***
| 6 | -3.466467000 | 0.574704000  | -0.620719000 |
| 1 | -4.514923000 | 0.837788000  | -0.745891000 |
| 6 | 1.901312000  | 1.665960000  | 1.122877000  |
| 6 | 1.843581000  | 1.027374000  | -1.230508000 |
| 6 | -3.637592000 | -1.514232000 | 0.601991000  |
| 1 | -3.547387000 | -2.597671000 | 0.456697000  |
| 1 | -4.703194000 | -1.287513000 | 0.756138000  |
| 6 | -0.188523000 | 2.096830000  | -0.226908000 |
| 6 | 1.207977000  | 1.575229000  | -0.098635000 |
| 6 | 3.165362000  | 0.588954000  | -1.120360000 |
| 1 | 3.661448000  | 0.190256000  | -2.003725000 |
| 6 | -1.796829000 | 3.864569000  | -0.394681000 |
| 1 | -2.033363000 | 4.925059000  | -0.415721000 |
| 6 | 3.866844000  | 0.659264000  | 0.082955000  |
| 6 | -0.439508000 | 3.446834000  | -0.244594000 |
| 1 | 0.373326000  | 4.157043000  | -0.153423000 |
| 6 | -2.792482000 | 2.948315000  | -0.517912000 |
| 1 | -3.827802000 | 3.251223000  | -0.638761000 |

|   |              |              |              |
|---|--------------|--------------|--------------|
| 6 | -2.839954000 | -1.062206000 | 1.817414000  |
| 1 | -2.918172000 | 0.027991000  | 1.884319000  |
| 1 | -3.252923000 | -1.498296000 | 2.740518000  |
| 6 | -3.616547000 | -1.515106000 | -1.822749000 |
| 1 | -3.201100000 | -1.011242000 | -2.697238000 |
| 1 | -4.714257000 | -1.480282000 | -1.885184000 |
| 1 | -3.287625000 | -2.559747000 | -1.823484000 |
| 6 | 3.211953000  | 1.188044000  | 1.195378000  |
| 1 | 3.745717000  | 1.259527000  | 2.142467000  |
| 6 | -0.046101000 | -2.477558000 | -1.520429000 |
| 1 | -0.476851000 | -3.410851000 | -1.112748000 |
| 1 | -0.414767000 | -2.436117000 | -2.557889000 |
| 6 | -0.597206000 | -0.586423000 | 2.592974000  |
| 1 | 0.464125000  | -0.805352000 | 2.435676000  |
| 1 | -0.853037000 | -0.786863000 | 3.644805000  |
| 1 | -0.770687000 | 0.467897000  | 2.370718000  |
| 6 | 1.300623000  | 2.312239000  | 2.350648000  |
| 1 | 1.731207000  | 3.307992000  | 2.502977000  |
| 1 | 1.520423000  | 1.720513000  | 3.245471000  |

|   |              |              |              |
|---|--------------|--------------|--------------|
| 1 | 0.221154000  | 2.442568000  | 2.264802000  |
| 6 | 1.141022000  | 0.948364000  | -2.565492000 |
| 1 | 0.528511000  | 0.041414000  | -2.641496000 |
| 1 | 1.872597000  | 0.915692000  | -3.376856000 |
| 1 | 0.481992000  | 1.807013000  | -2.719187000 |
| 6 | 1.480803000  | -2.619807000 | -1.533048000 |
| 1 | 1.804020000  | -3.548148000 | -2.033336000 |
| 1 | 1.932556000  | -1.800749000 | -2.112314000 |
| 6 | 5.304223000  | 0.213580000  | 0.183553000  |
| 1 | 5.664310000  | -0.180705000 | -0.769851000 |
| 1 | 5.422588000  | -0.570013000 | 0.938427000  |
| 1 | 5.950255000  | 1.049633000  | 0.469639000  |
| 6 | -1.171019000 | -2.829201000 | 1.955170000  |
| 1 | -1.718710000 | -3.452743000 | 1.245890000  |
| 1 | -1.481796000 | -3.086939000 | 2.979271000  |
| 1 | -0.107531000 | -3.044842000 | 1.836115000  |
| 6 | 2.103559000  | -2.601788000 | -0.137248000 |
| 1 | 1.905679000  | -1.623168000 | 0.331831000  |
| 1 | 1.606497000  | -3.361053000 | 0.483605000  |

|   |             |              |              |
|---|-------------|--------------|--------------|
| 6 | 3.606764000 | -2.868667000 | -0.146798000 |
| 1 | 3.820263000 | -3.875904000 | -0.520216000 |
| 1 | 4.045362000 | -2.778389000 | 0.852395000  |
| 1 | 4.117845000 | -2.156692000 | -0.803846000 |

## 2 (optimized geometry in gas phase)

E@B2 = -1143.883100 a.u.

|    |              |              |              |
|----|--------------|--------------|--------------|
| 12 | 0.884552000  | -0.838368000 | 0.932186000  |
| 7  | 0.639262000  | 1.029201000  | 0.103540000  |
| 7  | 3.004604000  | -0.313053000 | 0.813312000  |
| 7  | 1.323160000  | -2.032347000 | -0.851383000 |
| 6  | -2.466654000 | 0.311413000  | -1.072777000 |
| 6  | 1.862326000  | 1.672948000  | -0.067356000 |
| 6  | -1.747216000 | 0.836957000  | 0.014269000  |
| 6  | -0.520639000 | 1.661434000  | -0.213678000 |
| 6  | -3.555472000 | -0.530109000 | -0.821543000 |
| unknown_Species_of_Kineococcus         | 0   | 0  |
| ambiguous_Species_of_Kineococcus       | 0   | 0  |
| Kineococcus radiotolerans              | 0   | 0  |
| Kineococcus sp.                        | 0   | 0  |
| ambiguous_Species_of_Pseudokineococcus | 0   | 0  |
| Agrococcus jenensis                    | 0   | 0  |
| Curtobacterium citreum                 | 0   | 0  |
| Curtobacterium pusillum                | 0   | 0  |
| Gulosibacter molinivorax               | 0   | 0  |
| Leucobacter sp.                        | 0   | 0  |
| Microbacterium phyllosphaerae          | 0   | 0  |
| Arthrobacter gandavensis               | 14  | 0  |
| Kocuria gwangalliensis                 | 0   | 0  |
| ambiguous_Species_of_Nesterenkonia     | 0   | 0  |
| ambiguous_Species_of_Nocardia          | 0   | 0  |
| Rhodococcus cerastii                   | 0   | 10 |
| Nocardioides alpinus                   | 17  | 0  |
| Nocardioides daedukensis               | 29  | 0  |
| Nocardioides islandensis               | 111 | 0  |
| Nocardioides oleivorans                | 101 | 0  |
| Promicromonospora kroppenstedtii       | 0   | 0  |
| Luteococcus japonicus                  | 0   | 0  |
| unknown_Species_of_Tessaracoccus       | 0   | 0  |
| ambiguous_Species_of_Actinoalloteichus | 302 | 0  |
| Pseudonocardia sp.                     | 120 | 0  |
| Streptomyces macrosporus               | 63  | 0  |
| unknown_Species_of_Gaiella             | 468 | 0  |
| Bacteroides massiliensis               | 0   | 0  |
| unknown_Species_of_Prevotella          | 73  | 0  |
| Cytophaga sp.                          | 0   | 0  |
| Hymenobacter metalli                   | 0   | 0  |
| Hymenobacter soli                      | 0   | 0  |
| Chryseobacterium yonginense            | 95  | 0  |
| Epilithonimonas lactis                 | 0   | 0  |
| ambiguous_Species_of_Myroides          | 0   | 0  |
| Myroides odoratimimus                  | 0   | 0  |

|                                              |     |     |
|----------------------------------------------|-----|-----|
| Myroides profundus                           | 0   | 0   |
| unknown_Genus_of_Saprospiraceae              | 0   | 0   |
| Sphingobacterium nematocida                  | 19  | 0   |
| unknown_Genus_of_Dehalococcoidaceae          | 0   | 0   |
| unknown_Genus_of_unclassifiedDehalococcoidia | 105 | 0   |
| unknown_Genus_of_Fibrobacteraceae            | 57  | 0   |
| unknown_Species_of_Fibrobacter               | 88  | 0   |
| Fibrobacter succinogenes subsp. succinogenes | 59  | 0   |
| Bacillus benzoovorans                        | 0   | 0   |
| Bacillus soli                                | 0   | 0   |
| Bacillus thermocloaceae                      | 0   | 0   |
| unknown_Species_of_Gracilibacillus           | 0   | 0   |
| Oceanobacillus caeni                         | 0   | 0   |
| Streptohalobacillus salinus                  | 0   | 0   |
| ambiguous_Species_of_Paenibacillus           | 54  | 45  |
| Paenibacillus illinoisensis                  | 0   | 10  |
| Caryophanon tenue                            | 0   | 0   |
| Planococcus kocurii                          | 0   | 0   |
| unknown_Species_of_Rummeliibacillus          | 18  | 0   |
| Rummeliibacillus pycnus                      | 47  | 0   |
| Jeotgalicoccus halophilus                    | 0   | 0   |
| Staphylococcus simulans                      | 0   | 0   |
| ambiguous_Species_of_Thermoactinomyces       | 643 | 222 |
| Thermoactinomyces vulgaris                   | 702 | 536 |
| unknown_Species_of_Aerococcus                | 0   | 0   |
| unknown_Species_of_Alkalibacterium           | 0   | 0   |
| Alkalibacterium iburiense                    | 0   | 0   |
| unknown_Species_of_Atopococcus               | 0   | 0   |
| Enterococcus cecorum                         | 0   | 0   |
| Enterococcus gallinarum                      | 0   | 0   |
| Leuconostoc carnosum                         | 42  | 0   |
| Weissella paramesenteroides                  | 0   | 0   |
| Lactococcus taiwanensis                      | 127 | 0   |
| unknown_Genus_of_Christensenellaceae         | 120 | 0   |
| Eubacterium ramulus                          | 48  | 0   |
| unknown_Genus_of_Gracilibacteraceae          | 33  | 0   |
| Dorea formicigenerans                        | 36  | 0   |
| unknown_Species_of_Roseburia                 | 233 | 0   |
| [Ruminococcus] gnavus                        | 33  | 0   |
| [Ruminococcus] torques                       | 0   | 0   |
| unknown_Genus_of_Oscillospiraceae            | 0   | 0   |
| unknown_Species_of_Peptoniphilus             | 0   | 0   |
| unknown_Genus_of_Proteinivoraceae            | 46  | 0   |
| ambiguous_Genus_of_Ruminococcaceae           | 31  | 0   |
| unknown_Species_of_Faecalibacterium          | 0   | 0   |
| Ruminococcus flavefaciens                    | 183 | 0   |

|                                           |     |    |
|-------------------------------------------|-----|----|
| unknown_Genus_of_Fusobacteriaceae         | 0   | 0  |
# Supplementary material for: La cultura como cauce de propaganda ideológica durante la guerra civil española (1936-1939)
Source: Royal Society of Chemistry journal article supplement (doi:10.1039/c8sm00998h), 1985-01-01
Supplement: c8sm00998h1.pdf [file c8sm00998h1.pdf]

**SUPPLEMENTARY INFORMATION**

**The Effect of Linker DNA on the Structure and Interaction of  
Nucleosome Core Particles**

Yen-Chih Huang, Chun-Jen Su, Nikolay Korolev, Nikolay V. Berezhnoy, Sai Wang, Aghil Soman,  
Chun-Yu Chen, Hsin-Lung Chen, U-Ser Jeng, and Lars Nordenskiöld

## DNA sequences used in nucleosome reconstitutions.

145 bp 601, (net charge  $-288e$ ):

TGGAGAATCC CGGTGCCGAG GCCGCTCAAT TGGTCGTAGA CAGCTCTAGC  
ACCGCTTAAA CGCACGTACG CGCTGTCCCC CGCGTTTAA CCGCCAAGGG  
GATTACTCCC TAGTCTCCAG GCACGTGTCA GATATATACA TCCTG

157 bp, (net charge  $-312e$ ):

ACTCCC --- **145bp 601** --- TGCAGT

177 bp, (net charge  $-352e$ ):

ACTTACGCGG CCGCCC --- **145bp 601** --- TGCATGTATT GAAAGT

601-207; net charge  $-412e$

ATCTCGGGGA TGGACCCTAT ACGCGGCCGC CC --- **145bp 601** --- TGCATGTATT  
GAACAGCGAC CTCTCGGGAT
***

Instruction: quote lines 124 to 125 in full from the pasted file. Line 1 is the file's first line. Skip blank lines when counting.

| unknown_Species_of_Fibrobacter               | 88  | 0   |
| Fibrobacter succinogenes subsp. succinogenes | 59  | 0   |